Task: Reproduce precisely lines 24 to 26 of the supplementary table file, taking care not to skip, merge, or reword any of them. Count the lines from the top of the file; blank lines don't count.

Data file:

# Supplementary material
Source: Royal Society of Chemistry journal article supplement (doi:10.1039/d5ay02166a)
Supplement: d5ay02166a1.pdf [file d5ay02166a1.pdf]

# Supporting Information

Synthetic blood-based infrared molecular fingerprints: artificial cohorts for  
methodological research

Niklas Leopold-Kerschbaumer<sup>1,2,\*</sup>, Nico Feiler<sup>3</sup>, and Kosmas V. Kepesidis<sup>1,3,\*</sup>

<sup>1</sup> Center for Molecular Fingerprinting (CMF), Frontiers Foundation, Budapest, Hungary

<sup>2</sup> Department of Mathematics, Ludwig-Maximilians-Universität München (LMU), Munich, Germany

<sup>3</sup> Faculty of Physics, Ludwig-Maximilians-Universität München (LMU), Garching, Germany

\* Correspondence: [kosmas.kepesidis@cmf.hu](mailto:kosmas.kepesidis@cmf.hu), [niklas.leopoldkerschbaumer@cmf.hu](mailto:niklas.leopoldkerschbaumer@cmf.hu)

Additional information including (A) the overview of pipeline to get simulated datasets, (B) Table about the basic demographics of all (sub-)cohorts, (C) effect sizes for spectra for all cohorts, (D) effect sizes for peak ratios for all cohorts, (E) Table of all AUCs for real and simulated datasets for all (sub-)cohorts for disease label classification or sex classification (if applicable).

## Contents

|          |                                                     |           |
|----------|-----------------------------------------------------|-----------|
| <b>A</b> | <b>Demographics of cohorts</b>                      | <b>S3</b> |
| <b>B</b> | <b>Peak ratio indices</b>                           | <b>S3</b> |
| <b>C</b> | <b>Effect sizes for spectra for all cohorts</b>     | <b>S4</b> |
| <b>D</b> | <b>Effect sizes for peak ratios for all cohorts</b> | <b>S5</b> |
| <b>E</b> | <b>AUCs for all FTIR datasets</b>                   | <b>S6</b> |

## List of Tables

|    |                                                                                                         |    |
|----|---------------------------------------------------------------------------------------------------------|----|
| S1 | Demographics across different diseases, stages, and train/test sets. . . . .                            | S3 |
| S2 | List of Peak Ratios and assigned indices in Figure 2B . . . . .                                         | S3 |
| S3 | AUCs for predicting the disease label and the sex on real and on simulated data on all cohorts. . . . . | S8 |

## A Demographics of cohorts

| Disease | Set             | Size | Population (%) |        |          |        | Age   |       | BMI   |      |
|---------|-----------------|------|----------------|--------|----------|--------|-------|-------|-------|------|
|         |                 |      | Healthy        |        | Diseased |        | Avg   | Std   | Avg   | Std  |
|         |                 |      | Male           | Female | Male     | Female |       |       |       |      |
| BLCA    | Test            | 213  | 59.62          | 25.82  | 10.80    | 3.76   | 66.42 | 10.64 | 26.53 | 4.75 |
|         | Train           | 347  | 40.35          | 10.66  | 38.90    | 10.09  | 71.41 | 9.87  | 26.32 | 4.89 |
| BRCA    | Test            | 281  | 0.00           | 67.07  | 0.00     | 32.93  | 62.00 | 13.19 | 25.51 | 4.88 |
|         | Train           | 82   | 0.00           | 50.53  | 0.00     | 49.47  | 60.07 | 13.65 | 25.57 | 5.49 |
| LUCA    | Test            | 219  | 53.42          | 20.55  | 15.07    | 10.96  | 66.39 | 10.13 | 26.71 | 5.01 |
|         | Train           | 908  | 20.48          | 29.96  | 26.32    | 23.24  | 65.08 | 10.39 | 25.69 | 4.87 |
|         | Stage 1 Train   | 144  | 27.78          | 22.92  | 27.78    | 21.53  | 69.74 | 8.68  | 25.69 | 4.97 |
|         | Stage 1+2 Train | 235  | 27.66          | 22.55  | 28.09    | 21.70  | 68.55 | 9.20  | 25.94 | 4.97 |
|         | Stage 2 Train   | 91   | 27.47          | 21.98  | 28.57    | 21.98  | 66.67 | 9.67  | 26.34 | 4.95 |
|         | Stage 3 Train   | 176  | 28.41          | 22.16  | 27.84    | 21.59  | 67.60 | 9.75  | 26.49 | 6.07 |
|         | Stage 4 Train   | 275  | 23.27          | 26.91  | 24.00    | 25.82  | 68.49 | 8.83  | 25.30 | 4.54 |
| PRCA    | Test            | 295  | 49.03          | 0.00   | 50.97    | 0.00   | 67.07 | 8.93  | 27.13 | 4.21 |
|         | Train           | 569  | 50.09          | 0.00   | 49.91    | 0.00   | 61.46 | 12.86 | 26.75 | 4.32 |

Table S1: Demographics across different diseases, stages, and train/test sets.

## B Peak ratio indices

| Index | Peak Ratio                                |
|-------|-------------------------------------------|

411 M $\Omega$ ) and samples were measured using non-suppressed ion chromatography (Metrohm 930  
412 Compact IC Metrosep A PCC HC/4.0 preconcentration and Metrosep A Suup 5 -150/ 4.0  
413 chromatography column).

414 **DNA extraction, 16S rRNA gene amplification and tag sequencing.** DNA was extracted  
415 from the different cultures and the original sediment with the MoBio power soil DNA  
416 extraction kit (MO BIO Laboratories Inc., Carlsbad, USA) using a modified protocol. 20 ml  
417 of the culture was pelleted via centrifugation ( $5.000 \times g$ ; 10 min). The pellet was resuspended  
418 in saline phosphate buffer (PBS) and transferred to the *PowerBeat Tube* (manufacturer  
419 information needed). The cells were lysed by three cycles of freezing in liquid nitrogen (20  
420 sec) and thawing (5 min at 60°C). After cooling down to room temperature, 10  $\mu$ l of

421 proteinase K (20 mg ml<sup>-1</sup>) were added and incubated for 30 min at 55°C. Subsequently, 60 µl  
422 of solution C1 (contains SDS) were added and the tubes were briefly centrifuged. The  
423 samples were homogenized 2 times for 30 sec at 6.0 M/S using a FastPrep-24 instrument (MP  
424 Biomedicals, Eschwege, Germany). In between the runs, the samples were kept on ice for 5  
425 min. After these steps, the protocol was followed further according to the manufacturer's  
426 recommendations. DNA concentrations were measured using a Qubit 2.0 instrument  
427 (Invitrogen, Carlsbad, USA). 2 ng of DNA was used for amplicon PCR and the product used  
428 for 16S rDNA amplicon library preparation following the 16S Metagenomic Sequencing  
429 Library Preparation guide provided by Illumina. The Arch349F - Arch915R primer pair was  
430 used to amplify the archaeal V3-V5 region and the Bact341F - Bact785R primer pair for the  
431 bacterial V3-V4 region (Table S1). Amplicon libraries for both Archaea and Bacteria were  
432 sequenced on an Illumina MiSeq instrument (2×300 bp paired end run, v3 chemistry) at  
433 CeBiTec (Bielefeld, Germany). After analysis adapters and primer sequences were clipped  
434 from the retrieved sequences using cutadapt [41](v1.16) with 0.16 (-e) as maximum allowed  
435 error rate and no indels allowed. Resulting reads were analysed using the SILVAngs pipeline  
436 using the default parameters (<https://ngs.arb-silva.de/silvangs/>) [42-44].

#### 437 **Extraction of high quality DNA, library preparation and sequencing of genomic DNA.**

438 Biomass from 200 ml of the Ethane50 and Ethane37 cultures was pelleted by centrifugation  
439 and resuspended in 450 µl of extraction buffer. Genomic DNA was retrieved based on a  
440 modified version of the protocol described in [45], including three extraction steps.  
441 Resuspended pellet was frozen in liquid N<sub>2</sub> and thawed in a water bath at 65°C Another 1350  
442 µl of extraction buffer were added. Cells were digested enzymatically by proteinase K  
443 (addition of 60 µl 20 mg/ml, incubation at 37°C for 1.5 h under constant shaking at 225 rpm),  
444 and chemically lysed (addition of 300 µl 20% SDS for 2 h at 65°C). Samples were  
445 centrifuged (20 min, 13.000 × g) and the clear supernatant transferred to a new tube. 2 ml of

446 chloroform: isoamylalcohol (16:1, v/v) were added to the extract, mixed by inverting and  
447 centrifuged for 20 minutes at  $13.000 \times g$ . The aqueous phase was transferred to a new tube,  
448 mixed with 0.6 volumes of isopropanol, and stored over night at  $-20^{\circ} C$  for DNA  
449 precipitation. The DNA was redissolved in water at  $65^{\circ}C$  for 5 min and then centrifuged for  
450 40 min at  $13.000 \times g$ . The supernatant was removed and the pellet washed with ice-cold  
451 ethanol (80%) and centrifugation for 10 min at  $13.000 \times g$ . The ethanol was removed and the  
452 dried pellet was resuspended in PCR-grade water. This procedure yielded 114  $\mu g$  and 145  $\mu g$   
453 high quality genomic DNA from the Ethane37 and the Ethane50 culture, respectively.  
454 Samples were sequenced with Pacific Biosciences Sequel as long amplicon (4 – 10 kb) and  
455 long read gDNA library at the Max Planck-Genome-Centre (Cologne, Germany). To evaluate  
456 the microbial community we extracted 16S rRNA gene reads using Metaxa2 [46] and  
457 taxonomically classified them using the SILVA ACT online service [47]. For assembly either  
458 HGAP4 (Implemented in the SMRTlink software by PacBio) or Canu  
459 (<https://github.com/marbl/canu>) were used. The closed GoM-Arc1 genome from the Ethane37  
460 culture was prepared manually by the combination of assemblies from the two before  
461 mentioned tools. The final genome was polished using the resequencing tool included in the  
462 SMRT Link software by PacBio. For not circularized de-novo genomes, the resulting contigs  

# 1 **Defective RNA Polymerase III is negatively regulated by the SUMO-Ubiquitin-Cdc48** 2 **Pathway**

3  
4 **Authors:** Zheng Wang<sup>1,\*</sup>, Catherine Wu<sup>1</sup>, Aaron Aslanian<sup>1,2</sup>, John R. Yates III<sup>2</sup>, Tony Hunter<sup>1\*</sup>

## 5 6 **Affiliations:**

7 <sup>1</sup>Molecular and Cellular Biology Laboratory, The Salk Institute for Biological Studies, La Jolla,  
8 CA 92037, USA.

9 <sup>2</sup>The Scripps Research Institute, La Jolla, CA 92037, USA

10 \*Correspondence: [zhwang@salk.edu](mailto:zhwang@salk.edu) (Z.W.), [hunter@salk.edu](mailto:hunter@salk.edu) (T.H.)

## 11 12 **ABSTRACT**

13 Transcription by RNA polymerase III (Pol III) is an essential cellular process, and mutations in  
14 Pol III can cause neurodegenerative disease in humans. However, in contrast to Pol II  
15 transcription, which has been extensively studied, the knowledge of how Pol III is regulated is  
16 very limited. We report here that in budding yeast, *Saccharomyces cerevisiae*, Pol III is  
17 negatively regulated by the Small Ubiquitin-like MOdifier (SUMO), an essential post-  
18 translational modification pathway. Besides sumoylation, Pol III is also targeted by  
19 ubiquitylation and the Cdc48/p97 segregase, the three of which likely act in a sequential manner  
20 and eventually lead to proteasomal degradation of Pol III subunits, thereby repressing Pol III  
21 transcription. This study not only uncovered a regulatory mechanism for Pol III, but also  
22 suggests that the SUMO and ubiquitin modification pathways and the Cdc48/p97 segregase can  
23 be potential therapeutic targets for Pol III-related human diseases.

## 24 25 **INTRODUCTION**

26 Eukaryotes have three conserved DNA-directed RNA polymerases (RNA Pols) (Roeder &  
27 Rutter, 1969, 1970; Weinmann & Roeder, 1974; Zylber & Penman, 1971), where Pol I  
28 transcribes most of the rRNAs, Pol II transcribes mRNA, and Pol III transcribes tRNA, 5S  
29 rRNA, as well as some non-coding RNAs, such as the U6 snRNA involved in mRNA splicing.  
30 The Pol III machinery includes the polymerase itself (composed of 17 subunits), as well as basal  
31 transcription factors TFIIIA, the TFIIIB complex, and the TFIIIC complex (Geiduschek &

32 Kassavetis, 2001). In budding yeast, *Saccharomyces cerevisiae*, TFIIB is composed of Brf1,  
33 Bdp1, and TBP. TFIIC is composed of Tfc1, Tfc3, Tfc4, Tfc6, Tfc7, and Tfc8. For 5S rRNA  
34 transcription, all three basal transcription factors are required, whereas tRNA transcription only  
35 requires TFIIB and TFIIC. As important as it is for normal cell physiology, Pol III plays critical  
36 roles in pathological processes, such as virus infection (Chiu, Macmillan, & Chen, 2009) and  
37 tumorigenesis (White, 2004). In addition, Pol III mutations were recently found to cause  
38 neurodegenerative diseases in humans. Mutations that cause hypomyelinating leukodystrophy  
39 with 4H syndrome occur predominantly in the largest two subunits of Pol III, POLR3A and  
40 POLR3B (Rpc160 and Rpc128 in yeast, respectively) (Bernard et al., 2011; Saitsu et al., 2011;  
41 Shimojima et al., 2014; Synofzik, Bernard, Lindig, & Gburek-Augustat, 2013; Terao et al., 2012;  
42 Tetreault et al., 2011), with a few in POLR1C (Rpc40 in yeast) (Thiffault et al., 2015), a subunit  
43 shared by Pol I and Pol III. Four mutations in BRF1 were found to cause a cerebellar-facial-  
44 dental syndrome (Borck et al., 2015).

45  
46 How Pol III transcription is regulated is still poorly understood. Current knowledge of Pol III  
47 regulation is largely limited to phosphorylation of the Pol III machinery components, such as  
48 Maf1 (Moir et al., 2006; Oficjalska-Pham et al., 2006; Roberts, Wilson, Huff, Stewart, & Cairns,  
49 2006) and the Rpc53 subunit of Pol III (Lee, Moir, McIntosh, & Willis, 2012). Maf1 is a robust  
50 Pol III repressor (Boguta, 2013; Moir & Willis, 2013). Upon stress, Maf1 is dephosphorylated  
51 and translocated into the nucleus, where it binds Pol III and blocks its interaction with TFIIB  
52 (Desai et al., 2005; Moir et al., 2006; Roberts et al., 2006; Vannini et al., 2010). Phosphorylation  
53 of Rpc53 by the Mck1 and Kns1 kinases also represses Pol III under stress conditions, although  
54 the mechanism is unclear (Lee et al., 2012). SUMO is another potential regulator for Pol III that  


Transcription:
| S1 | Demographics across different diseases, stages, and train/test sets. . . . .                            | S3 |
| S2 | List of Peak Ratios and assigned indices in Figure 2B . . . . .                                         | S3 |
| S3 | AUCs for predicting the disease label and the sex on real and on simulated data on all cohorts. . . . . | S8 |